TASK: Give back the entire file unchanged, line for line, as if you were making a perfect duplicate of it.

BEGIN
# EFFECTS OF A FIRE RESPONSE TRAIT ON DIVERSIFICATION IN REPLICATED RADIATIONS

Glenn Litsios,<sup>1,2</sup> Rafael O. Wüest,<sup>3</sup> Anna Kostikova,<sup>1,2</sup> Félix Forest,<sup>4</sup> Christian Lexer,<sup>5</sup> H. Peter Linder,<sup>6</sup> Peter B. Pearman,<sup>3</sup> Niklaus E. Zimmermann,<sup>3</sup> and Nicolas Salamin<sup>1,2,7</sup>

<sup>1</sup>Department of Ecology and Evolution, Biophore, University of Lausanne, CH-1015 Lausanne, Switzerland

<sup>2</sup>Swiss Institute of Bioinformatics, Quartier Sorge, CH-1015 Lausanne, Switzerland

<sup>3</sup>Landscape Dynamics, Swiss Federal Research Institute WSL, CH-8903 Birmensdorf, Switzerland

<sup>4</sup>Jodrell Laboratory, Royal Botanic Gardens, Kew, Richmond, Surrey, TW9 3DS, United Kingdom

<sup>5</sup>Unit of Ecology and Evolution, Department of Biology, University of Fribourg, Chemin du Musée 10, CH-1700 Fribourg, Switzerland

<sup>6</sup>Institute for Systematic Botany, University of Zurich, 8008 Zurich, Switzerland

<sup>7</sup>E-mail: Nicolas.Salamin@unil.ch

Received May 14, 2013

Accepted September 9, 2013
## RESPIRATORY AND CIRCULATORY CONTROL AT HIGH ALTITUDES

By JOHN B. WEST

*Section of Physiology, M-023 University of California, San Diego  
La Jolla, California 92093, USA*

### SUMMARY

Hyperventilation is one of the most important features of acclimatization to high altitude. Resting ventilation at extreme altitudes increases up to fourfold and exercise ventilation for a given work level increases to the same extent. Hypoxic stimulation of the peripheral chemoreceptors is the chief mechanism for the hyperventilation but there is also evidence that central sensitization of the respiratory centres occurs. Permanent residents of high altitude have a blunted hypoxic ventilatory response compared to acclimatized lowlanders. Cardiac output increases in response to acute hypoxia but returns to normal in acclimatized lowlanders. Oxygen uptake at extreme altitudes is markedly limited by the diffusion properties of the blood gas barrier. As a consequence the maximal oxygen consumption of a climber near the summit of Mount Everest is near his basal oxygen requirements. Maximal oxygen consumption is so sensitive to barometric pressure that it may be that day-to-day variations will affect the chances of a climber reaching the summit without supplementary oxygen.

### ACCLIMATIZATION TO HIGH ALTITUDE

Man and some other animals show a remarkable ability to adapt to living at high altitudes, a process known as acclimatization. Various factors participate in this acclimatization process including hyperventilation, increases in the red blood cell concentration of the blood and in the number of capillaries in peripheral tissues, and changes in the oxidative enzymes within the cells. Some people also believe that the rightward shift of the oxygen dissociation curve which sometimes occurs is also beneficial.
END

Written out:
# EFFECTS OF A FIRE RESPONSE TRAIT ON DIVERSIFICATION IN REPLICATED RADIATIONS

Glenn Litsios,<sup>1,2</sup> Rafael O. Wüest,<sup>3</sup> Anna Kostikova,<sup>1,2</sup> Félix Forest,<sup>4</sup> Christian Lexer,<sup>5</sup> H. Peter Linder,<sup>6</sup> Peter B. Pearman,<sup>3</sup> Niklaus E. Zimmermann,<sup>3</sup> and Nicolas Salamin<sup>1,2,7</sup>

<sup>1</sup>Department of Ecology and Evolution, Biophore, University of Lausanne, CH-1015 Lausanne, Switzerland

<sup>2</sup>Swiss Institute of Bioinformatics, Quartier Sorge, CH-1015 Lausanne, Switzerland

<sup>3</sup>Landscape Dynamics, Swiss Federal Research Institute WSL, CH-8903 Birmensdorf, Switzerland

<sup>4</sup>Jodrell Laboratory, Royal Botanic Gardens, Kew, Richmond, Surrey, TW9 3DS, United Kingdom

<sup>5</sup>Unit of Ecology and Evolution, Department of Biology, University of Fribourg, Chemin du Musée 10, CH-1700 Fribourg, Switzerland

<sup>6</sup>Institute for Systematic Botany, University of Zurich, 8008 Zurich, Switzerland

<sup>7</sup>E-mail: Nicolas.Salamin@unil.ch

Received May 14, 2013

Accepted September 9, 2013
## RESPIRATORY AND CIRCULATORY CONTROL AT HIGH ALTITUDES

By JOHN B. WEST

*Section of Physiology, M-023 University of California, San Diego  
La Jolla, California 92093, USA*

### SUMMARY

Hyperventilation is one of the most important features of acclimatization to high altitude. Resting ventilation at extreme altitudes increases up to fourfold and exercise ventilation for a given work level increases to the same extent. Hypoxic stimulation of the peripheral chemoreceptors is the chief mechanism for the hyperventilation but there is also evidence that central sensitization of the respiratory centres occurs. Permanent residents of high altitude have a blunted hypoxic ventilatory response compared to acclimatized lowlanders. Cardiac output increases in response to acute hypoxia but returns to normal in acclimatized lowlanders. Oxygen uptake at extreme altitudes is markedly limited by the diffusion properties of the blood gas barrier. As a consequence the maximal oxygen consumption of a climber near the summit of Mount Everest is near his basal oxygen requirements. Maximal oxygen consumption is so sensitive to barometric pressure that it may be that day-to-day variations will affect the chances of a climber reaching the summit without supplementary oxygen.

### ACCLIMATIZATION TO HIGH ALTITUDE

Man and some other animals show a remarkable ability to adapt to living at high altitudes, a process known as acclimatization. Various factors participate in this acclimatization process including hyperventilation, increases in the red blood cell concentration of the blood and in the number of capillaries in peripheral tissues, and changes in the oxidative enzymes within the cells. Some people also believe that the rightward shift of the oxygen dissociation curve which sometimes occurs is also beneficial.